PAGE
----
GIMP / Glimpse / Dune 3D Is this radical redesign of GIMP possible now?

Disclaimer: this post is an extended transcript of the video below.

If you’ve been around long enough, you probably remember a project called Glimpse. Originally it was an attempt to create a fork of GIMP for the name change. Then that project got an offspring, Glimpse NX, where a new image editor with a cleaner, more approachable user interface was supposed to be developed.

Neither project was successful, but this is one of the mockups they came up with:

Glimpse NX mockup

I vividly remember that when I first saw this, I thought: “Looks interesting, but there is just no way this is going to work!”. And the main reason for that is…

GIMP’s complexity

There is a huge amount of commands and options built into GIMP’s menus and nested menus.

Nested menu in GIMP

The program amassed all that over the years, and then the team tried to solve that with a search dialog:

Search dialog in GIMP

Which kinda works when you generally know what you need or how a feature you want could be called. But really not when this is your first rodeo.

Anyway, it is very difficult to represent all this complexity in an application that looks like the thing on the mockup above.

With GTK3 tech, one possible solution to do that is a dropdown menu in the headerbar, like in Siril:

Dropdown menu in Siril’s headerbar

But this is not very convenient because when you go to a nested menu in one part of the screen, it opens in an entirely different part of the screen, and it’s very annoying.

And then again, how many menus like that can you fit into one headerbar before users run for pitchforks with a determined look on their faces? So it’s not really great, I think we could do better.

Enter Dune 3D

One possible solution is coming from a new application called Dune 3D. It’s a 3D CAD program built on top of Open CASCADE kernel and SolveSpace constraint solver — all the usual suspects.

Dune 3D

The developer is the same guy who came up with Horizon EDA, a GTK3-based electronic design automation package. Dune 3D is very, very new. The initial code import to GitHub was made just two weeks ago, so not a lot of people even know about this project yet, but that is beside the point.

The interesting part here is when you first look at this, you can’t help yourself wondering: “Okay, I get it, he barely started coding. Still, where is all the functionality?”. Well, since the status bar says “Press Space”, let’s do just that:

Search + menu

And that gets me really excited. Because you get the search bar for when you know what you’re looking for, when you know the terminology, when you understand what you need. And you also get a kind of menu that is helpful for when you need to navigate into the unknown and see all your options. So this is a very interesting solution that, while not perfect for a lot of complexity, could still be iterated upon, in my opinion.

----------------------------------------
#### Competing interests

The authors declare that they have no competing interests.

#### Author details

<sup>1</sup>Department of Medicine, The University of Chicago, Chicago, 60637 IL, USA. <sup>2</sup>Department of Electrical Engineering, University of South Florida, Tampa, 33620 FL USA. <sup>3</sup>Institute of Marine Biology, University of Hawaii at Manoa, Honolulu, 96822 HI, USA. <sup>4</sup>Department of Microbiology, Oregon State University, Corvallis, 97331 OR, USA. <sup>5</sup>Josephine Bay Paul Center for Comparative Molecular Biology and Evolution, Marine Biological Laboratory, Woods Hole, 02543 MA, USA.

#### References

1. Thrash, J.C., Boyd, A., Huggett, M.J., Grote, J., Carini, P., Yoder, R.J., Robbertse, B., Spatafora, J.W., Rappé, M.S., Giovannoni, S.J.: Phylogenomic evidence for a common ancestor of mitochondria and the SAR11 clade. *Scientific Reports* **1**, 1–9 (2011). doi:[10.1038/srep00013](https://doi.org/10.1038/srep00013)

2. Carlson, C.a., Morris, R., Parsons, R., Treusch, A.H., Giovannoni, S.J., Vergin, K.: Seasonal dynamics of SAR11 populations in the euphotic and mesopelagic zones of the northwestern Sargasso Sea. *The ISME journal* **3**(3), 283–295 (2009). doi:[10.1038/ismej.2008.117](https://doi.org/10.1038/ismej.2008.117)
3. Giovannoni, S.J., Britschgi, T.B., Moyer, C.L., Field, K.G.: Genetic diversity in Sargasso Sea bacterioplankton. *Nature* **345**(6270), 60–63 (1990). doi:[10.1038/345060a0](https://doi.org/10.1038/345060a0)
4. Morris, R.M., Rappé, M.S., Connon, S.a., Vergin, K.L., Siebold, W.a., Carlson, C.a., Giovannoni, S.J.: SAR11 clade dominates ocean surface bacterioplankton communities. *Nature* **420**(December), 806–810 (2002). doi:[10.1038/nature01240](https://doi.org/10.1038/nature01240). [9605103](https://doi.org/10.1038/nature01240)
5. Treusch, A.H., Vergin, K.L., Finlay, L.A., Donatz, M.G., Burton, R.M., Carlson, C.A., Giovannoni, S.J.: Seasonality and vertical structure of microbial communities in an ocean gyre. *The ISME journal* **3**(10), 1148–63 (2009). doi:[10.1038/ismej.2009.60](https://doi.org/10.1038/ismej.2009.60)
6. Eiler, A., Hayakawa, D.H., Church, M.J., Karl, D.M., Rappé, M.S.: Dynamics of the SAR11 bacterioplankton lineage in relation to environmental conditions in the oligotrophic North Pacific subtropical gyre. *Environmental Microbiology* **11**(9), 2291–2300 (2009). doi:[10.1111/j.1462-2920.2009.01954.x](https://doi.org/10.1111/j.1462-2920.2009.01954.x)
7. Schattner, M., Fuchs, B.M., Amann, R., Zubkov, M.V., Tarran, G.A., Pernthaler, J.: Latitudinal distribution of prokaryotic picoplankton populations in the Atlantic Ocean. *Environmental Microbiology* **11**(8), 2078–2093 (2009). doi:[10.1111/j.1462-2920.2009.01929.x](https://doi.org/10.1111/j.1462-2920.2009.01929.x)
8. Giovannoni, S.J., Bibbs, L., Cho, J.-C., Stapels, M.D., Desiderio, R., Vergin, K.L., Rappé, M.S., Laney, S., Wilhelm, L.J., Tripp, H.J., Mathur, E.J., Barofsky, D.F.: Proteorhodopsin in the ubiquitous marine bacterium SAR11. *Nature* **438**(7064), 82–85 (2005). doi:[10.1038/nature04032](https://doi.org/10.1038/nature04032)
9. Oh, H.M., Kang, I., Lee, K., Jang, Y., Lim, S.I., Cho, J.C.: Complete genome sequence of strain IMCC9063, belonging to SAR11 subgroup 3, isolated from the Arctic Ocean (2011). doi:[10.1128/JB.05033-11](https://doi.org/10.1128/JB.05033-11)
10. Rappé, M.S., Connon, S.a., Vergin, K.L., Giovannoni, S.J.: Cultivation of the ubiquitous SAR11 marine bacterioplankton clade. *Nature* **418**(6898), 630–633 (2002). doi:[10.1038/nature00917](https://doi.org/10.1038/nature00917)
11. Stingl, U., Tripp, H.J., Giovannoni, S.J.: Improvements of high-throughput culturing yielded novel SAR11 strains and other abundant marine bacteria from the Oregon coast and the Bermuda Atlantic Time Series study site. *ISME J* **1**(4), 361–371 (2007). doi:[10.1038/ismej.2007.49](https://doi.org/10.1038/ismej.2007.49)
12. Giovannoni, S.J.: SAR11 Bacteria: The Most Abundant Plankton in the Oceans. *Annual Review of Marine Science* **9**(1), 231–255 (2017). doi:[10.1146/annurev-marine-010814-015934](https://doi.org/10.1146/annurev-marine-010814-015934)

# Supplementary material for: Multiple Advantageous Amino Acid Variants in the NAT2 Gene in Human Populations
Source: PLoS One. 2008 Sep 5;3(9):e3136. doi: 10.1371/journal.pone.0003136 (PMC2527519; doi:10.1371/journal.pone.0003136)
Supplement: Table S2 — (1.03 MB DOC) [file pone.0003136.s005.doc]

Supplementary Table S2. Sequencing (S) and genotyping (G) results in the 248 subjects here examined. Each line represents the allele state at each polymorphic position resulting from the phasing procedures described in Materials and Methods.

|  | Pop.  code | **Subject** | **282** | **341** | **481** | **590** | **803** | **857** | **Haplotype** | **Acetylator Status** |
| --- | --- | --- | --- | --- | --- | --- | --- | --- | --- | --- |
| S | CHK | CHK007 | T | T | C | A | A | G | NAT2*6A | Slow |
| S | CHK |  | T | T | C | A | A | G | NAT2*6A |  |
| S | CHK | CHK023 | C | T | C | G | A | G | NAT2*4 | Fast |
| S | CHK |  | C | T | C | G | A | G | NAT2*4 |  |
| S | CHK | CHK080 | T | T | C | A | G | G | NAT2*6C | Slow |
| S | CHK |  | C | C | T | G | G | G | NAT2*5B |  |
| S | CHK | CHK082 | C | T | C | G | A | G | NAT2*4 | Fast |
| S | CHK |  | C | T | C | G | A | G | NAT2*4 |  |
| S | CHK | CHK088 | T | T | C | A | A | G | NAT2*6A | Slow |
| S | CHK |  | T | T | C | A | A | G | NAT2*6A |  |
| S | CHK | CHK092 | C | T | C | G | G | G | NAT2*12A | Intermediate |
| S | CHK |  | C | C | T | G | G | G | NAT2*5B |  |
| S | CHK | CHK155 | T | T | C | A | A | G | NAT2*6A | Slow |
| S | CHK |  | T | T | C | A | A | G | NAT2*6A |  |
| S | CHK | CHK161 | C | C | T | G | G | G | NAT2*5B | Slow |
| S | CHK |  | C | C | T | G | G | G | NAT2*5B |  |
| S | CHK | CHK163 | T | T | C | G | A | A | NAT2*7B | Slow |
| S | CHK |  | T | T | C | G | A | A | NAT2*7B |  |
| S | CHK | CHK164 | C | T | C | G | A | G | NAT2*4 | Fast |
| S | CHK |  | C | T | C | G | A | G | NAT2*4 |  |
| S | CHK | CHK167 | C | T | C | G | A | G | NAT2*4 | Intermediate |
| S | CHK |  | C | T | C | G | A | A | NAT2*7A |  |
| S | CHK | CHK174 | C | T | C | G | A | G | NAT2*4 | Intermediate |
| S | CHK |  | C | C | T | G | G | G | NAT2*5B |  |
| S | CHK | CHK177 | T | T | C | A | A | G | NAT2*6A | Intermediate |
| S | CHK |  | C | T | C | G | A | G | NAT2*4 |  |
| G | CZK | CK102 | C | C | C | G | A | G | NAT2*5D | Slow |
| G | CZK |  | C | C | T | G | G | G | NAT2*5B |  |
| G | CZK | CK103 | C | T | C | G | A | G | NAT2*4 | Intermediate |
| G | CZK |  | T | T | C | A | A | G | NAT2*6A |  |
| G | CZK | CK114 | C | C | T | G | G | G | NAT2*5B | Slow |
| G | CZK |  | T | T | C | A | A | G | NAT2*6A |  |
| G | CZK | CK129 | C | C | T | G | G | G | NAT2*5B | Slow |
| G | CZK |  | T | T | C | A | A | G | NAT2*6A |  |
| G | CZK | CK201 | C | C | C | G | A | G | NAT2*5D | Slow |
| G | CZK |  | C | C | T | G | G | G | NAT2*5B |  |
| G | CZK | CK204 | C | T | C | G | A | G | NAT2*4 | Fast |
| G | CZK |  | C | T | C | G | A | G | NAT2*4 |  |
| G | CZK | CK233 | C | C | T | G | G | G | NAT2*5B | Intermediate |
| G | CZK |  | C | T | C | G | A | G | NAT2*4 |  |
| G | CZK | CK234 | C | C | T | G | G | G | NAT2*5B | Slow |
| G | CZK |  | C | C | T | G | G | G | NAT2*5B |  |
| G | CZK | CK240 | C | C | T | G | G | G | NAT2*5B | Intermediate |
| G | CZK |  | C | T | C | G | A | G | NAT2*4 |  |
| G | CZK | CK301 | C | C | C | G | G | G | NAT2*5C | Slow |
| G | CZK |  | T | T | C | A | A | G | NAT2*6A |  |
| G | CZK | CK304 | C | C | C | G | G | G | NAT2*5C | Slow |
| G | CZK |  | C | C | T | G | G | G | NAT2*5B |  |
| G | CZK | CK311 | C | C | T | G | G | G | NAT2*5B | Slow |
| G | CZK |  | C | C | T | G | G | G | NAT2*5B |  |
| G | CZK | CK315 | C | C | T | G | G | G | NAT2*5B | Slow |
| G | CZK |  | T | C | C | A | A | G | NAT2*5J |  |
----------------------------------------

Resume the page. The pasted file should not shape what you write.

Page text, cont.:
Update: as the developer pointed out, this search/menu dialog has been available in Horizon EDA for the past 7 years, he simply reused his own code in the new program.

Interaction hints

Another interesting thing here is that when you do something like drawing a line, for example, you get these nice visual hints here about using the mouse, just above the status bar:

Interaction hints

The idea is coming from Blender (obvious, if you are familiar with Blender), and it would make a lot of sense to use this in applications like GIMP and Inkscape. Here is a good reason why.

When you are coming from an application like Photoshop, you are used to do set of modifiers for working with selections. So when you create the selection and you need to add to it, what you do is press Shift in GIMP. But it’s Ctrl in Photoshop. A lot of people that I’ve met who come from Photoshop don’t really know that. And the only way they can find that out is by reading a tutorial or a user manual or maybe watching a YouTube video — the status bar hint isn’t specific enough, and not everyone finds the toggles in tool settings.

Inspecific toolbar hint

And the same applies, for example, to moving selections, because in GIMP, you need to press Ctrl+Alt and then drag to move the contents of the selection, which is not how people expect this to work coming from many other applications. Again, the only way they can find this out is by watching a tutorial or reading the user manual.

So that’s another thing that I think would make sense to sort of backport from Dune 3D to GIMP in the GTK3-based based version (or GTK4, since Dune 3D is GTK4-based). So I’m really hoping that at least this will be considered by the developers.


I don’t think that the redesign that the Glimpse NX team came up with should be implemented as is. There are so many more aspects to discuss apart from access to functionality in menus, and the team explored some of those aspects too: how the headerbar should work, how exporting would be implemented, what tool settings would look like etc. (they removed the git repository with mockups and studies, but I have a local copy).

Their redesign definitely makes the program more approachable. And now this solution in Dune 3D probably makes a major deficiency of that design go away. Even more, the interaction hints seem like a great if overlooked idea that could also be a relatively low-effort job.

Trying to revamp GIMP’s UX/UI at any level, especially this much, is obviously a huge effort — or would be a huge effort if the developers would ever decide to do that. But I’m really interested in your opinion. Do you think this old redesign of the program could be revived thanks to Dune 3D?

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